Health

New test to study language development in youth with Down syndrome

Expressive language sampling (ELS) is a useful tool for measuring communication development in youth with Down syndrome, a new multi-site study has found.

The study, co-led by Angela Thurman and Leonard Abbeduto from the UC Davis MIND Institute and the Department of Psychiatry and Behavioral Sciences, focused on language as an outcome measure to detect meaningful changes in communication skills of individuals with Down syndrome. It successfully tested and validated ELS as a reliable set of procedures for collecting, measuring and analyzing the spoken language of participants interacting in a naturalistic setting.

Down syndrome and language delays

Down syndrome is the leading genetic cause of intellectual disability. Approximately one in every 700 babies in the United States is born with Down syndrome. Individuals with Down syndrome frequently have speech and language delays that might severely affect their independence and successful community inclusion.

“Interventions leading to improvements in language would have great impacts on the quality of life of individuals with Down syndrome,” said Abbeduto, director of the UC Davis MIND Institute, professor of psychiatry and behavioral sciences and senior author of the study. “To develop and evaluate such interventions, we need a validated measurement tool and ELS provides that.”

The ELS procedure

During the ELS procedure, researchers collect samples of participants’ speech during two types of natural interactions: conversation and narration.

In conversation, trained examiners engage participants on a variety of topics in a sequenced and standardized manner. They start the conversation with a subject the participants find interesting then introduce a topic from predetermined age-appropriate lists. In their interactions, they follow a script to minimize their participation and maximize the participants’ contribution. On average, the conversation lasts around 12 minutes.

In narration, the participants independently construct and tell the story in a wordless picture book. This process usually takes 10 to 15 minutes.

The researchers analyze the collected conversation and narration samples. In a previous ELS application involving participants with fragile X syndrome, the researchers derived five language outcome measures: talkativeness, lexical diversity (vocabulary), syntax, dysfluency (utterance planning) and unintelligibility (speech articulation).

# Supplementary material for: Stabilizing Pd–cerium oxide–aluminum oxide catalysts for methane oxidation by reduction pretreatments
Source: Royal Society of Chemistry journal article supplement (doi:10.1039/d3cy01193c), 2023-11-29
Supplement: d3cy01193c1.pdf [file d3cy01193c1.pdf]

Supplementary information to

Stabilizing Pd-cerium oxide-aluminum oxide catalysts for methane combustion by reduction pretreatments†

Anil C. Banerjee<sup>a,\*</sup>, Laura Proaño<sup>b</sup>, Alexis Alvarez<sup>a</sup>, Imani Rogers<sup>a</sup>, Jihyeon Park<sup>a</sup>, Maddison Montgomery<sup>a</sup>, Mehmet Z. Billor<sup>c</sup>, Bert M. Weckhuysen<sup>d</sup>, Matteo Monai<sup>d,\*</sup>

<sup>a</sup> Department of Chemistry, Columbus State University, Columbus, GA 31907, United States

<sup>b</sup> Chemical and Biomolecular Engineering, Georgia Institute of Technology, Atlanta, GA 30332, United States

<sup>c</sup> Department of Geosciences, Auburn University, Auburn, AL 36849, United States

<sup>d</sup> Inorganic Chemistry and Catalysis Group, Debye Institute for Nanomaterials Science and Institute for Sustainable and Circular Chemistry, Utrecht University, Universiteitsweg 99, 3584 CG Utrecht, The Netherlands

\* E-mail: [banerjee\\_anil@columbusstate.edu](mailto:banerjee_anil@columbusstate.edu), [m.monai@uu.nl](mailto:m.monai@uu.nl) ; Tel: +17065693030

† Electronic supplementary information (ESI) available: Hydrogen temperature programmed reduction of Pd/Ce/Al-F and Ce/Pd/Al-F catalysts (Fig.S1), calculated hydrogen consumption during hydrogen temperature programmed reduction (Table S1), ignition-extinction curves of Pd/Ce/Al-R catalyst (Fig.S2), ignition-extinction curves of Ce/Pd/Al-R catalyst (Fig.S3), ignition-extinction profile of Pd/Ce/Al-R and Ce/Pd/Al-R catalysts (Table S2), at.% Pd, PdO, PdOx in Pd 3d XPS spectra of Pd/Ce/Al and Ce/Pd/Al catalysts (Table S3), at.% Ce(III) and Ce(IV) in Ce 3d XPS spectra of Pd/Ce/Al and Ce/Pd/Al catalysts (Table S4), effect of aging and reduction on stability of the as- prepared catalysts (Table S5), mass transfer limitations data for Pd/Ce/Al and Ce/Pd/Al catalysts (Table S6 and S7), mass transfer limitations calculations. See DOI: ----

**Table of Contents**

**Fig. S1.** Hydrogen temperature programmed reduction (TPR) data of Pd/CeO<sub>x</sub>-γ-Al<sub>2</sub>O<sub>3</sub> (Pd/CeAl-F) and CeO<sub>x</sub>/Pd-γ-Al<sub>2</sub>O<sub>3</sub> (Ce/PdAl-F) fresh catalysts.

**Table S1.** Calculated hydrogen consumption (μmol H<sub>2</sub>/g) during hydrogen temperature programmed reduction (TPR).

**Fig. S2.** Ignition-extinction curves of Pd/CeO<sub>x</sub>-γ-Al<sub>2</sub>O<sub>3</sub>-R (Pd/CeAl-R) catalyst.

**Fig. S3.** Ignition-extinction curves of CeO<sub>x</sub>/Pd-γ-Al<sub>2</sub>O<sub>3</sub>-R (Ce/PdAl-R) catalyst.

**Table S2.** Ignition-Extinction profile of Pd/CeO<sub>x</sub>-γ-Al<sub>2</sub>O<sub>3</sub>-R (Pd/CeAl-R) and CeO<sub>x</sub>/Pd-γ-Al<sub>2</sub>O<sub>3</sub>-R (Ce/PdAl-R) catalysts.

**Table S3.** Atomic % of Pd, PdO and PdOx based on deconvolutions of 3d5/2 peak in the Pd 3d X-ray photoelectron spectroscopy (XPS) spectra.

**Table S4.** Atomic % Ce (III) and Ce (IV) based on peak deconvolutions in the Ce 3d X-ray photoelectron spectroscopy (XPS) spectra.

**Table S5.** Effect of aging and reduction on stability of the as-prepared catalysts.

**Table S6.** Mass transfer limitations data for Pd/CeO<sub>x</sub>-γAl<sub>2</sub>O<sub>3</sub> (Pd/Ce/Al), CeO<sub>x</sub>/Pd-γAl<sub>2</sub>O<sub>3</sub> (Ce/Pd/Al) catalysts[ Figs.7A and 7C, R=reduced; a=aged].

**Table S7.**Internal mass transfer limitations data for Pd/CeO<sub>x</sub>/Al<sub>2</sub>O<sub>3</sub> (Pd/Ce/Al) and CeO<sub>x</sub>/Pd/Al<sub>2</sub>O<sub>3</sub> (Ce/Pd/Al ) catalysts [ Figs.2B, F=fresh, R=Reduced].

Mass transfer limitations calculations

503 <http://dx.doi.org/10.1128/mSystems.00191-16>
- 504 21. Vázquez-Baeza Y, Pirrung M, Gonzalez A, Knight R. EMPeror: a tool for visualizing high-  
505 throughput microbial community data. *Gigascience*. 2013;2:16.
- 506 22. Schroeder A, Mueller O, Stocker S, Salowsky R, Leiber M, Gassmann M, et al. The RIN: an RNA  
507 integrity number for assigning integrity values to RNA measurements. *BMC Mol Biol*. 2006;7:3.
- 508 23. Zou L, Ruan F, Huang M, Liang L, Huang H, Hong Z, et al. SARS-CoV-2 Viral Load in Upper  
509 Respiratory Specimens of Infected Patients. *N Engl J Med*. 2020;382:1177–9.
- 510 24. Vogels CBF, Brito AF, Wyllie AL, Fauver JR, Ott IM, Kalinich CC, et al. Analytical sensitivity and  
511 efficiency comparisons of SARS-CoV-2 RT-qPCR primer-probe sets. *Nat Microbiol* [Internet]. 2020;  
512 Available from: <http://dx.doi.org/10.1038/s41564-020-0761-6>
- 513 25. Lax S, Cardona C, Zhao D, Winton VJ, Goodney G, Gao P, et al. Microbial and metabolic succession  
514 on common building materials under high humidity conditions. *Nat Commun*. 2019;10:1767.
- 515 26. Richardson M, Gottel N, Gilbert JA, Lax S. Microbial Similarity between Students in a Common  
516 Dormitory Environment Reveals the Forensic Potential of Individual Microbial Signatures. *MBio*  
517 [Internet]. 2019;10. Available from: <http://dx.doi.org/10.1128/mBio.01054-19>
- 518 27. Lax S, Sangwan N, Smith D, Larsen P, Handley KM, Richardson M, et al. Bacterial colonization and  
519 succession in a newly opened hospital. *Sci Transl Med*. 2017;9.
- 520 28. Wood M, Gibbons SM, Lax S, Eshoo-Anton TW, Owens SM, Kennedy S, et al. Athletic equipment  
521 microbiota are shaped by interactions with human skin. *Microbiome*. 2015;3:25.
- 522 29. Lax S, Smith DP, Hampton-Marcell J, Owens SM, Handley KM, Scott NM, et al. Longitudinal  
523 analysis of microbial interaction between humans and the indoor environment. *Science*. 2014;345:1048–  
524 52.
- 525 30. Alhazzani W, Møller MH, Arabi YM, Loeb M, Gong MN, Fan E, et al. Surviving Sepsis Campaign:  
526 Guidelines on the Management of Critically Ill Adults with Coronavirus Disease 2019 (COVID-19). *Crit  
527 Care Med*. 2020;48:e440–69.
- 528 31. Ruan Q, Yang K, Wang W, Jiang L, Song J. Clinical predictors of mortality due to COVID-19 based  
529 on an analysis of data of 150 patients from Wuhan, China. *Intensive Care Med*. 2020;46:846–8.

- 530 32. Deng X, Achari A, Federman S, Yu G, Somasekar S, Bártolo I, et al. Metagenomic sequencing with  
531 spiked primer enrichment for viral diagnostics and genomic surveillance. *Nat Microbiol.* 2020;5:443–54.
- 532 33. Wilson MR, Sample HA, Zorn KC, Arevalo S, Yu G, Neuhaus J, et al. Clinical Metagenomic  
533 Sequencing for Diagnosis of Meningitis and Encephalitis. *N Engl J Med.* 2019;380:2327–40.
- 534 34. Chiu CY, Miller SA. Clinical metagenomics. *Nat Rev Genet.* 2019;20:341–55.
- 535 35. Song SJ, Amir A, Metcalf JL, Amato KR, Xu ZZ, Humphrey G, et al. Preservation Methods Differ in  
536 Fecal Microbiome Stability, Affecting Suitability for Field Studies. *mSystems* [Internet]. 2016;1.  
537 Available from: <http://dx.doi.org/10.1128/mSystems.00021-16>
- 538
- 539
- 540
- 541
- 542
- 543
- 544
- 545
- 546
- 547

Validity and reliability of the ELS measures in Down syndrome studies

For this study, four university testing sites recruited 107 participants with Down syndrome (55 males, 52 females). Participants were between the ages of 6 and 23 (mean age of 15.13 years) and with IQ levels under 70 (mean IQ of 48.73).

The participants came for a first visit to complete the ELS procedures and to take assessment tests of their IQ, autism symptom severity and other measures. Four weeks later, they revisited for a retest of the ELS procedures. This retest was to assess practice effects over repeated administrations and to check the reliability of ELS measures.

The study found that the ELS measures were generally valid and reliable across ages and IQ levels. It showed that the vocabulary, syntax and speech intelligibility variables demonstrated strong validity as outcome measures. Also, the ELS procedures were feasible for the majority of participants who successfully completed the tasks. Youth who were under 12, had phrase-level speech or less, and had a 4-year-old developmental level or lower found it more difficult to complete.

“Spoken language is the primary way we interact with the people around us, making language a frequent target of treatment. However, we have not had tools sensitive and accurate enough to confidently measure change in language treatment studies,” said Thurman, associate professor of psychiatry and first author on the study. “The data from this study provide a critical first step indicating these procedures can be used to effectively measure language for people with Down syndrome.”

The study, published April 8 in Journal of Neurodevelopmental Disorders, is available online. The researchers provided online manuals to help other investigators with the administration, training and assessment of fidelity of ELS procedures.

This study was co-authored by Jamie O. Edgin of University of Arizona, Stephanie L. Sherman and Debra Hamilton of Emory University, Audra Sterling of University of Wisconsin-Madison, Elizabeth Berry-Kravis of Rush University Medical Center, and Andrea McDuffie of UC Davis Health.

It was funded by the Eunice Kennedy Shriver National Institute of Child Health and Human Development (R01HD074346, P50HD103526) and National Center for Advancing Translational Sciences (UL1 TR000002).

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